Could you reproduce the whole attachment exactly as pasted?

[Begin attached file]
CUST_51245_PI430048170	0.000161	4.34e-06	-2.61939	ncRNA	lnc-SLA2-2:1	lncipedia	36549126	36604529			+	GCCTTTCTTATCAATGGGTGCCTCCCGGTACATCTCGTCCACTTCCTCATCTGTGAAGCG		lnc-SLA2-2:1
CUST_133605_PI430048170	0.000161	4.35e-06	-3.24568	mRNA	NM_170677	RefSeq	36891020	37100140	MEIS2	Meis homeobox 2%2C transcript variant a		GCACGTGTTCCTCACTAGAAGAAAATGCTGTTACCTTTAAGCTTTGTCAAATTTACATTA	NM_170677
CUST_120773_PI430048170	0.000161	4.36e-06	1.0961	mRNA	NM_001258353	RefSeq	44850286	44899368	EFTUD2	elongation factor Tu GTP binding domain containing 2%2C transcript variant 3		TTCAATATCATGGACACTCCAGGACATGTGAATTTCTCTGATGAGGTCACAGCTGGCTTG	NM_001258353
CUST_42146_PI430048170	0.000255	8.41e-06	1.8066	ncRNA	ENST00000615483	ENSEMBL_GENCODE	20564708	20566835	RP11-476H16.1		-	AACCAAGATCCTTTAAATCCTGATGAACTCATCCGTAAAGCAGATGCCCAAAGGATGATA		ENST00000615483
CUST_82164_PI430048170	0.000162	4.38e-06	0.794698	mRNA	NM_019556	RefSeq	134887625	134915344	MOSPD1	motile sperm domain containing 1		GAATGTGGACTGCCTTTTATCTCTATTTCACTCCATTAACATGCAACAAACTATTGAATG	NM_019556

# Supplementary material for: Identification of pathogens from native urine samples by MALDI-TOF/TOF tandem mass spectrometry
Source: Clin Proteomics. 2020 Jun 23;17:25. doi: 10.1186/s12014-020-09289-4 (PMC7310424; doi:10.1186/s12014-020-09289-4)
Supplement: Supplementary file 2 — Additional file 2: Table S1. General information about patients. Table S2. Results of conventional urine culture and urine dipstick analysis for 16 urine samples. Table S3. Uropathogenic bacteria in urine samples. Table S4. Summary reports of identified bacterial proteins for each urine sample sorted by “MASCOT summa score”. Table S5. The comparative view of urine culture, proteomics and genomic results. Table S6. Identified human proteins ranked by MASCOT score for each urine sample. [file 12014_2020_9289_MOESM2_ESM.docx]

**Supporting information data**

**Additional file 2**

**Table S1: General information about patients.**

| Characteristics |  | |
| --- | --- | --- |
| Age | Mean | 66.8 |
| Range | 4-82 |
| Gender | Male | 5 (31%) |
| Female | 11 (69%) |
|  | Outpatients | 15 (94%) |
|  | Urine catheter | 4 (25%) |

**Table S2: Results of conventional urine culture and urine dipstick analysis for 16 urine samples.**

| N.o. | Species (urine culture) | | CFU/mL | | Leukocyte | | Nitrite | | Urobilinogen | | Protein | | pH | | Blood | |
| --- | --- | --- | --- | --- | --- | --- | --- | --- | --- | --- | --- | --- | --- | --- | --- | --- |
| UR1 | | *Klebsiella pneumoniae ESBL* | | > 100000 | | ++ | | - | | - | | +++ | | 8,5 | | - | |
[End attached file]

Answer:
CUST_51245_PI430048170	0.000161	4.34e-06	-2.61939	ncRNA	lnc-SLA2-2:1	lncipedia	36549126	36604529			+	GCCTTTCTTATCAATGGGTGCCTCCCGGTACATCTCGTCCACTTCCTCATCTGTGAAGCG		lnc-SLA2-2:1
CUST_133605_PI430048170	0.000161	4.35e-06	-3.24568	mRNA	NM_170677	RefSeq	36891020	37100140	MEIS2	Meis homeobox 2%2C transcript variant a		GCACGTGTTCCTCACTAGAAGAAAATGCTGTTACCTTTAAGCTTTGTCAAATTTACATTA	NM_170677
CUST_120773_PI430048170	0.000161	4.36e-06	1.0961	mRNA	NM_001258353	RefSeq	44850286	44899368	EFTUD2	elongation factor Tu GTP binding domain containing 2%2C transcript variant 3		TTCAATATCATGGACACTCCAGGACATGTGAATTTCTCTGATGAGGTCACAGCTGGCTTG	NM_001258353
CUST_42146_PI430048170	0.000255	8.41e-06	1.8066	ncRNA	ENST00000615483	ENSEMBL_GENCODE	20564708	20566835	RP11-476H16.1		-	AACCAAGATCCTTTAAATCCTGATGAACTCATCCGTAAAGCAGATGCCCAAAGGATGATA		ENST00000615483
CUST_82164_PI430048170	0.000162	4.38e-06	0.794698	mRNA	NM_019556	RefSeq	134887625	134915344	MOSPD1	motile sperm domain containing 1		GAATGTGGACTGCCTTTTATCTCTATTTCACTCCATTAACATGCAACAAACTATTGAATG	NM_019556

# Supplementary material for: Identification of pathogens from native urine samples by MALDI-TOF/TOF tandem mass spectrometry
Source: Clin Proteomics. 2020 Jun 23;17:25. doi: 10.1186/s12014-020-09289-4 (PMC7310424; doi:10.1186/s12014-020-09289-4)
Supplement: Supplementary file 2 — Additional file 2: Table S1. General information about patients. Table S2. Results of conventional urine culture and urine dipstick analysis for 16 urine samples. Table S3. Uropathogenic bacteria in urine samples. Table S4. Summary reports of identified bacterial proteins for each urine sample sorted by “MASCOT summa score”. Table S5. The comparative view of urine culture, proteomics and genomic results. Table S6. Identified human proteins ranked by MASCOT score for each urine sample. [file 12014_2020_9289_MOESM2_ESM.docx]

**Supporting information data**

**Additional file 2**

**Table S1: General information about patients.**

| Characteristics |  | |
| --- | --- | --- |
| Age | Mean | 66.8 |
| Range | 4-82 |
| Gender | Male | 5 (31%) |
| Female | 11 (69%) |
|  | Outpatients | 15 (94%) |
|  | Urine catheter | 4 (25%) |

**Table S2: Results of conventional urine culture and urine dipstick analysis for 16 urine samples.**

| N.o. | Species (urine culture) | | CFU/mL | | Leukocyte | | Nitrite | | Urobilinogen | | Protein | | pH | | Blood | |
| --- | --- | --- | --- | --- | --- | --- | --- | --- | --- | --- | --- | --- | --- | --- | --- | --- |
| UR1 | | *Klebsiella pneumoniae ESBL* | | > 100000 | | ++ | | - | | - | | +++ | | 8,5 | | - | |